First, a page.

City project aims to discourage beaver presence

Municipality is running a trial project to stop flooding without trapping beavers

Beavers have caused flood damage through their dam construction.

Beavers have caused flood damage through their dam construction.

As beavers continue to pose a threat by damming up culverts and other waterways, the municipality is running a trial project off King Road to stop flooding without resorting to trapping the buck-toothed builders.

Beavers have been in the project area for a couple of years and have caused flooding by building their dams.

A couple of months ago the city of Abbotsford approved the installation of pond levelers, which are pipes that run through the beaver’s dam to drain the pond. The device is used to trick beavers into thinking there is a breach in the dam. When the beaver is unable to figure out how to keep the water in, the intent is that it will move on to a new area.

City staff say the efforts are working well and the pond is at a comfortable level, with no threat of flooding downstream. But staff say there is a beaver still attempting to fix the problem in the dam and is being monitored until it decides to vacate.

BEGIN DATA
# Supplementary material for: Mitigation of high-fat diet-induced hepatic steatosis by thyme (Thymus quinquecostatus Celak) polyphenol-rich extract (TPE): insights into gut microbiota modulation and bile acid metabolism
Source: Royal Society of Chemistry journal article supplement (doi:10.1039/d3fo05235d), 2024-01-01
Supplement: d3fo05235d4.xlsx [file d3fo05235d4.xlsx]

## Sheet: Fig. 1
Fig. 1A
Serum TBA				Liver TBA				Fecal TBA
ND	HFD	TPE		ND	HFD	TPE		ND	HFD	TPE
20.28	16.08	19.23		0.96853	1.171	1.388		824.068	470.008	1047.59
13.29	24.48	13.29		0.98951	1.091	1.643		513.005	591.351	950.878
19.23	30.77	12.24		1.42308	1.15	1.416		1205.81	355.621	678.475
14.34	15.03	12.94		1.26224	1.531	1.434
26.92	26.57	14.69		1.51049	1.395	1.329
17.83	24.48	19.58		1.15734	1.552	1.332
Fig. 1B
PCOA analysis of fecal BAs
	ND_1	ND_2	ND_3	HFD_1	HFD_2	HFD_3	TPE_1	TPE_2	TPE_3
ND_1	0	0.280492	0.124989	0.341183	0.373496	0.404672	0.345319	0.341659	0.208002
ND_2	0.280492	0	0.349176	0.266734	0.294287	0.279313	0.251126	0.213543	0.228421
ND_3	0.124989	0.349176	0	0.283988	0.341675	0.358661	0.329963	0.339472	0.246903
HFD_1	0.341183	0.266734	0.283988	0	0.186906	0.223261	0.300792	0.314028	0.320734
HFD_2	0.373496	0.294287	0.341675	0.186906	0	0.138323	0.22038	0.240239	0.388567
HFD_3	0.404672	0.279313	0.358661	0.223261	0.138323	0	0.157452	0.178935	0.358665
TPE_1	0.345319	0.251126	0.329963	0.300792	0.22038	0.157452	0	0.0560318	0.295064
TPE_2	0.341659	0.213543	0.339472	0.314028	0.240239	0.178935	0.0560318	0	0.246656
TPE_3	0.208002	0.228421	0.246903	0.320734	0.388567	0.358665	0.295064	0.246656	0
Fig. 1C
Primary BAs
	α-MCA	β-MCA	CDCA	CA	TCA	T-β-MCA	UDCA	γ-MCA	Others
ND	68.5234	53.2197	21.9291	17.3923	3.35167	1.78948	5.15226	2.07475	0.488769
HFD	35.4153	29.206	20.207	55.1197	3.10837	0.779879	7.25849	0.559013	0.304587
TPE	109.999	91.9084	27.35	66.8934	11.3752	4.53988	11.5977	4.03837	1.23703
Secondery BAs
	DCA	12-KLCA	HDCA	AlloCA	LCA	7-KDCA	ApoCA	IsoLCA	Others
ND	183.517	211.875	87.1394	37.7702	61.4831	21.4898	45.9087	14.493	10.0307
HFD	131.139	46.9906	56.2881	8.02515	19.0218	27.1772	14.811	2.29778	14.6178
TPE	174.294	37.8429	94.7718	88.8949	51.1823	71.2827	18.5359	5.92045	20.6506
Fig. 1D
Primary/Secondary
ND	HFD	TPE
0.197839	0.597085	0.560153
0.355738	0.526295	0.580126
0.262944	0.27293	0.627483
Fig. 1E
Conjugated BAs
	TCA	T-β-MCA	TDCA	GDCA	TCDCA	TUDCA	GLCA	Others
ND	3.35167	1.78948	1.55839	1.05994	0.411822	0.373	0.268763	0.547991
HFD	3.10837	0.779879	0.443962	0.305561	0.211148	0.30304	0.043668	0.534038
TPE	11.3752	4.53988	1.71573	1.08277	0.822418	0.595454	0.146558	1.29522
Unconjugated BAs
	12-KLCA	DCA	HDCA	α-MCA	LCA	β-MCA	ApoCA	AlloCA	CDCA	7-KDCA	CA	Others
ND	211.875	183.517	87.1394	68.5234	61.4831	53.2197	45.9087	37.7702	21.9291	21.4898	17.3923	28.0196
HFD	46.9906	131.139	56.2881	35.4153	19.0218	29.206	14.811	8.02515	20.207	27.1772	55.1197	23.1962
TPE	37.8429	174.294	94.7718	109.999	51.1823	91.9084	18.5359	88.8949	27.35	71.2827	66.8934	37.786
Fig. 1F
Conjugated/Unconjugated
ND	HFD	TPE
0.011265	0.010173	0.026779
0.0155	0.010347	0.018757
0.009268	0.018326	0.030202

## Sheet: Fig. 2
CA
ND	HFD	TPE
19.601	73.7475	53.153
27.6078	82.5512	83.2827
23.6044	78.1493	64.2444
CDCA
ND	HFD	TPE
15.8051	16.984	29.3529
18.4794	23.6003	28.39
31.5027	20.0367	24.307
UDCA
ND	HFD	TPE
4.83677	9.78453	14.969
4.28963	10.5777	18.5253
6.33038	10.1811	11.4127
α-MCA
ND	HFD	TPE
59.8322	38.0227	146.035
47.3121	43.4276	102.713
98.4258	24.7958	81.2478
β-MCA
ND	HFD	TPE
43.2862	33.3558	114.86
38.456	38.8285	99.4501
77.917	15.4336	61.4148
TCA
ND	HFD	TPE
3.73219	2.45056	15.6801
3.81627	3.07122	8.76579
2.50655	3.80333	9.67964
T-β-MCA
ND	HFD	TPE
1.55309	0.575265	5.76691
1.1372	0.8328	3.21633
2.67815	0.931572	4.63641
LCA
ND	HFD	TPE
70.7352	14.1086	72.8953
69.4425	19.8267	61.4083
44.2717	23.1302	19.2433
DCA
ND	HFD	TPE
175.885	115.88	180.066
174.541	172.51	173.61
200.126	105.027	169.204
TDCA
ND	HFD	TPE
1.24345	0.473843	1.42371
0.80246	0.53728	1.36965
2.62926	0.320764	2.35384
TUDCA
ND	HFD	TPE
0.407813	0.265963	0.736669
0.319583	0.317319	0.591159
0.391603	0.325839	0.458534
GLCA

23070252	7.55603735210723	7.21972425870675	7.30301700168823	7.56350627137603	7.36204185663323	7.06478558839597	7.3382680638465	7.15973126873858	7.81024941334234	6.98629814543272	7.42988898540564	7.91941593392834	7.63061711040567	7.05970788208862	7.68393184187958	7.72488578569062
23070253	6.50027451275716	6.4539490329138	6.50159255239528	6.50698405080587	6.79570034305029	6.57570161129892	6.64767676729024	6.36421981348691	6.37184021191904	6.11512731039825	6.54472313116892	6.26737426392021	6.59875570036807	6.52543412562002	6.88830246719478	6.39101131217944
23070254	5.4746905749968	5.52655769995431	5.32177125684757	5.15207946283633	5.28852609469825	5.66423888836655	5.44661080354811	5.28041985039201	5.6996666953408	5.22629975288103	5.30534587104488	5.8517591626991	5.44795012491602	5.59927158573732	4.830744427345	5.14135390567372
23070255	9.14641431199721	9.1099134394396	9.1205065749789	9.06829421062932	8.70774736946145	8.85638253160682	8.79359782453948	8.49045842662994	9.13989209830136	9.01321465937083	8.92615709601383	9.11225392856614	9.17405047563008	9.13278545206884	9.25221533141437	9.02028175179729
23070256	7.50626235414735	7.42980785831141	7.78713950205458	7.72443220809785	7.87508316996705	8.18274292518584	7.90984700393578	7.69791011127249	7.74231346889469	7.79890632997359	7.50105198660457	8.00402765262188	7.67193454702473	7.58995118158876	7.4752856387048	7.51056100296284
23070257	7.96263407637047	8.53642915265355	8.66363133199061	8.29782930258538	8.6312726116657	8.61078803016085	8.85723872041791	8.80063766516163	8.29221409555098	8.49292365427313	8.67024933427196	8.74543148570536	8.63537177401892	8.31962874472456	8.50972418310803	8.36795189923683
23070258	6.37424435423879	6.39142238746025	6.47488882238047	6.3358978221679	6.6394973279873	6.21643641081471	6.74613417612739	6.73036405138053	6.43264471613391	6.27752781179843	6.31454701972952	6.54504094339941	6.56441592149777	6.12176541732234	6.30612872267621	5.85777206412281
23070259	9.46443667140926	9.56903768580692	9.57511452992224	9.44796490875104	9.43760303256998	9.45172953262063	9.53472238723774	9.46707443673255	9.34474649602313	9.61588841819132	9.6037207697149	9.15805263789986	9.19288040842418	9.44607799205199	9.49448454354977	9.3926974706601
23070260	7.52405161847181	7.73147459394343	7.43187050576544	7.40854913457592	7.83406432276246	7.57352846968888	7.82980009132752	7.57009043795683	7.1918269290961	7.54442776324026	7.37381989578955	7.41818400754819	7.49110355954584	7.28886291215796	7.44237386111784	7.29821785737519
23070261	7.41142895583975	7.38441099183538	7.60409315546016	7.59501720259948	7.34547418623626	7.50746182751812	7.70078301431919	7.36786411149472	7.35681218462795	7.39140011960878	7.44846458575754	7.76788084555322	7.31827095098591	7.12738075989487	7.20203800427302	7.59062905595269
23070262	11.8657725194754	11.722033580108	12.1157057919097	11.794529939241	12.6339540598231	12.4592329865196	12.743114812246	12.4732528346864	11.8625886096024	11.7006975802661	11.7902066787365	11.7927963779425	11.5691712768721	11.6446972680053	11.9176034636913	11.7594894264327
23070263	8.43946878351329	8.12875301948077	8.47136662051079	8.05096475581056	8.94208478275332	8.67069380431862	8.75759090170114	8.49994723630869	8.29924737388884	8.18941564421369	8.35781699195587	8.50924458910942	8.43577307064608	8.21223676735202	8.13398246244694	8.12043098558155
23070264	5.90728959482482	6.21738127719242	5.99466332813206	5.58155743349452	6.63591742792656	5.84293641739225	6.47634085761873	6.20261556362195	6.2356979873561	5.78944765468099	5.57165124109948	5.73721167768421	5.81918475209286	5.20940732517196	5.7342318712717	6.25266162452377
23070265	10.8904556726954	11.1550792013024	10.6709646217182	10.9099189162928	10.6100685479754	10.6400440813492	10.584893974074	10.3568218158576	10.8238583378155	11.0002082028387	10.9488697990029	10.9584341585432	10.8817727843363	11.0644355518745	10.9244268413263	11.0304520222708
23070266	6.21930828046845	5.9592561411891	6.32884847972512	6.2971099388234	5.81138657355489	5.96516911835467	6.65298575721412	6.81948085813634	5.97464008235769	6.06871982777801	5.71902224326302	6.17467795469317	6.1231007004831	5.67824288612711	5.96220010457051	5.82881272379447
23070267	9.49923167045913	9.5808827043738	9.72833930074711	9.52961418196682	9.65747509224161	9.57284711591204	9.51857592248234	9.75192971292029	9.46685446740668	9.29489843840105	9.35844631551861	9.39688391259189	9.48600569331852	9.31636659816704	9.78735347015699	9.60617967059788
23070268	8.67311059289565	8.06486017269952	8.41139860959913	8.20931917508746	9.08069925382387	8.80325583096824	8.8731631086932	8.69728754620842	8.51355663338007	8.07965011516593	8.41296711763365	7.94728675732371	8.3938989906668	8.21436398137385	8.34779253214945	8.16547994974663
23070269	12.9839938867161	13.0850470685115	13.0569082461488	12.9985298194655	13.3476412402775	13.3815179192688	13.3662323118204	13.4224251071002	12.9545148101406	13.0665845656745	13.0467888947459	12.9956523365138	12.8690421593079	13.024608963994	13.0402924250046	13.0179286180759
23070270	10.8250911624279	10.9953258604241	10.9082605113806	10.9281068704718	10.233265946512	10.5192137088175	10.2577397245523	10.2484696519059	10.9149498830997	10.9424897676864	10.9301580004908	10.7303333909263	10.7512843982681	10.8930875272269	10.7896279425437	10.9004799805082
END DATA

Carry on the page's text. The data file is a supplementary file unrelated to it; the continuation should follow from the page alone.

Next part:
The project was started at the suggestion and assistance of the Association for the Protection of Fur-Bearing Animals (APFA).

The organization made a presentation on alternatives to trapping in Abbotsford last year after a coyote was discovered caught in a leg-hold trap in March. The animal was gruesomely injured and eventually put down. The act was condemned by APFA, as well as the BC Trappers Association, which said such cases are usually due to inexperienced or unlicensed trappers.

Though that incident was not due to a city trap, in the past, Abbotsford has hired provincially licensed trappers to remove beavers from flooded areas.

APFA offered to help Abbotsford implement measures to address the problem of beavers without trapping.

APFA volunteers check on the new water flow devices and freely consult with municipalities, farmers, and other groups on non-lethal, long-term methods of managing animal populations, including beavers, coyotes, and raccoons.

A city spokesperson said the pond leveler is initially inexpensive to set up – less than $1,000 – but costs could add up. If the beaver continues to add material to the dam as water levels drop, engineering may have to send crews more frequently to remove debris, but at this time the city is unable to quantify the cost difference between traditional methods of trapping and removing dams and the new method.

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